The recycling services that are provided and can be availed off in the County are as follows:

Community Recycling Centres at Tuam and Ballinasloe.

Proposed Community Recycling Centres at Clifden and Athenry to be operational early 2002.

Bring Banks located at over 50 sites.

Household Hazardous Waste collection.

Home Composting Scheme in Ballinasloe to be operational February 2002.

Vermi-Composting initiatives undertaken by schools and communities.

Glass collection from Commercial sector.

Implementation of Packaging Regulations.

Implementation of clean technology and Waste minimisation rogrammes in industry.

Aran Islands Recycling Scheme.

Green Area Pilot Project.

Community Recycling Initiatives.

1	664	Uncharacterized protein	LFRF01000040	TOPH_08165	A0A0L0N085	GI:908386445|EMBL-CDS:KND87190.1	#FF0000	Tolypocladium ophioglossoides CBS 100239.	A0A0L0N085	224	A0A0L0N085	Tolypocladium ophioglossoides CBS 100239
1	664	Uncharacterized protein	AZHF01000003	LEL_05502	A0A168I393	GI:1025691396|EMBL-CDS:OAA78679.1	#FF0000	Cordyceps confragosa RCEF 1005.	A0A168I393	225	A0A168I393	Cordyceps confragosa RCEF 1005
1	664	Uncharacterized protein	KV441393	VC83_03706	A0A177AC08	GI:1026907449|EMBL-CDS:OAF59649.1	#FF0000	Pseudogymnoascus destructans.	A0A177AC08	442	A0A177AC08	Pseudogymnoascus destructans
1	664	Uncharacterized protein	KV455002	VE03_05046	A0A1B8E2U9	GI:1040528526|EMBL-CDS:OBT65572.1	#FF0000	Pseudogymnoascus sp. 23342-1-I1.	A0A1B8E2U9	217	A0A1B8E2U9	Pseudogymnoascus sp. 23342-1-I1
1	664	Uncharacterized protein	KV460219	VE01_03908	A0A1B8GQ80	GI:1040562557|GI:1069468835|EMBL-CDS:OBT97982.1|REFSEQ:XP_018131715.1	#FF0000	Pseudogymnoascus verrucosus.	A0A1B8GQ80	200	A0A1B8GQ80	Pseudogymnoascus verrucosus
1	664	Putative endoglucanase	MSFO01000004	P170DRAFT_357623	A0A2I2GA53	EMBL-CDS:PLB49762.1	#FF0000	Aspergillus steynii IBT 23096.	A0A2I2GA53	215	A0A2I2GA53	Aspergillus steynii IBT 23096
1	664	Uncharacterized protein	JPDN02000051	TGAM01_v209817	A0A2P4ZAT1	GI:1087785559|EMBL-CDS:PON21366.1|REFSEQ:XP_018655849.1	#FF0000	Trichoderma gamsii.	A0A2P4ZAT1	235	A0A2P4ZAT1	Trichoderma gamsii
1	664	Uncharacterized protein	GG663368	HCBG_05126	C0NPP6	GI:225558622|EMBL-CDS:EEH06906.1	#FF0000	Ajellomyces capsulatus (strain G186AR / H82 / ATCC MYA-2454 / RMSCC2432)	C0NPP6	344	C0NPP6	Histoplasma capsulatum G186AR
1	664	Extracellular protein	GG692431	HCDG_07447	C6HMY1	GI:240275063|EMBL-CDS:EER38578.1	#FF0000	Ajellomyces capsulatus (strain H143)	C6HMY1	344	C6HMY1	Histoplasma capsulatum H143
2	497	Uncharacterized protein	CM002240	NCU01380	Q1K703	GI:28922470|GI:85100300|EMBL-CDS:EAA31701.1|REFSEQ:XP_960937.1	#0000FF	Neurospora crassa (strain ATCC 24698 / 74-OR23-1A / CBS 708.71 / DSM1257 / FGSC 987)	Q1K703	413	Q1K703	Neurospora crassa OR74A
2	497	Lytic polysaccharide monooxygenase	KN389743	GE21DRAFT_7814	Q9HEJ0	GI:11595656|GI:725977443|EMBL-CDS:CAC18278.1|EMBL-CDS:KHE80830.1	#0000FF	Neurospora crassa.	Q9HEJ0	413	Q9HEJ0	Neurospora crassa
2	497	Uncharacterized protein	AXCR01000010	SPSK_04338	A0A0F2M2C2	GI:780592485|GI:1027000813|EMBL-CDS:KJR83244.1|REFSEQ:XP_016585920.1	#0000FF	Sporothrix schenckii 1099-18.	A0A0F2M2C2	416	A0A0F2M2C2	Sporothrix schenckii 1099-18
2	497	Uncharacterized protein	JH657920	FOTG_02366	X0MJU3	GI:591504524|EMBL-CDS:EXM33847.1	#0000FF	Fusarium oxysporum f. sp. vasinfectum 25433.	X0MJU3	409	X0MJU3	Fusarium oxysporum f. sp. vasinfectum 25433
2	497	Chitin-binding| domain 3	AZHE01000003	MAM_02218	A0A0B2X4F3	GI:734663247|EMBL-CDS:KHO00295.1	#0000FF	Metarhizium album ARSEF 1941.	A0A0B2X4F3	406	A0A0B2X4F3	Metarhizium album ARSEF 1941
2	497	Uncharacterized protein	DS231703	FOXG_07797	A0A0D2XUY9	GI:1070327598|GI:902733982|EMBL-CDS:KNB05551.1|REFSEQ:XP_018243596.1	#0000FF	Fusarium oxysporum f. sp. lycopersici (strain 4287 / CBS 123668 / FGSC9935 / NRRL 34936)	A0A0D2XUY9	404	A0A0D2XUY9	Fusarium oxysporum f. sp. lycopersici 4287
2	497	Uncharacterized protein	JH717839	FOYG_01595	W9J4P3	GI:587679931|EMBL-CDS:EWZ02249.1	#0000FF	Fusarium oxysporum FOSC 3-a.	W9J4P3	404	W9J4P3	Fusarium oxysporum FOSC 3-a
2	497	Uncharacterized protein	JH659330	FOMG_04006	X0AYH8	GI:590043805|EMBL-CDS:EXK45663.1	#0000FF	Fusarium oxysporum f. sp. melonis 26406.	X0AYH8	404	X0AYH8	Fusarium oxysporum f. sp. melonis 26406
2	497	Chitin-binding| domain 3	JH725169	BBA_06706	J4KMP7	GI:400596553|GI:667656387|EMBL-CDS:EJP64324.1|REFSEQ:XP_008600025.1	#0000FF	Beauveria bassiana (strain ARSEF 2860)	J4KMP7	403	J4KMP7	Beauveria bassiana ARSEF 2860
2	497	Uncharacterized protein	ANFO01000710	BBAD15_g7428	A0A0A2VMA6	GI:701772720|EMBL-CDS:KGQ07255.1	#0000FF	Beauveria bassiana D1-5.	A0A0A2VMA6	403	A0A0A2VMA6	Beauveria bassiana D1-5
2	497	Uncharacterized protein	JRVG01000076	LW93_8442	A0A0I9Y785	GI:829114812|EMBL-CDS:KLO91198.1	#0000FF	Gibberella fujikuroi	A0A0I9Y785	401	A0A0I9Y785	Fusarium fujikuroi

Green Schools Project — Green Flag awarded to Carnaun National School and Scoil Chroí Naofa.

School Competitions

Environmental Information Packs.

The greatest barrier to increased recycling in the county is the cyclical nature of markets for recycled materials. The recommended purchasing of recycled materials by Local Authorities and the appointment of a Regional Industrial Waste Management Officer, whose role incorporates the examination of new market opportunities for recycled products, represent positive steps towards market creation.

Waste reduction initiatives can begin in the home. It is everyone’s responsibility to contribute to environmental protection. With the current economic boom in Ireland, we have become an even more throwaway society and a change in attitude towards the waste we produce is required to improve the situation.

There are many ways in which people can actively reduce the amount of waste that they put out for collection, and increase the amount of waste that they recycle. This is what waste prevention means for households. It is everyone’s responsibility.

– –

Written by Christy Coffey

Published here 13 Jul 2023 and originally published Christmas 2001

– –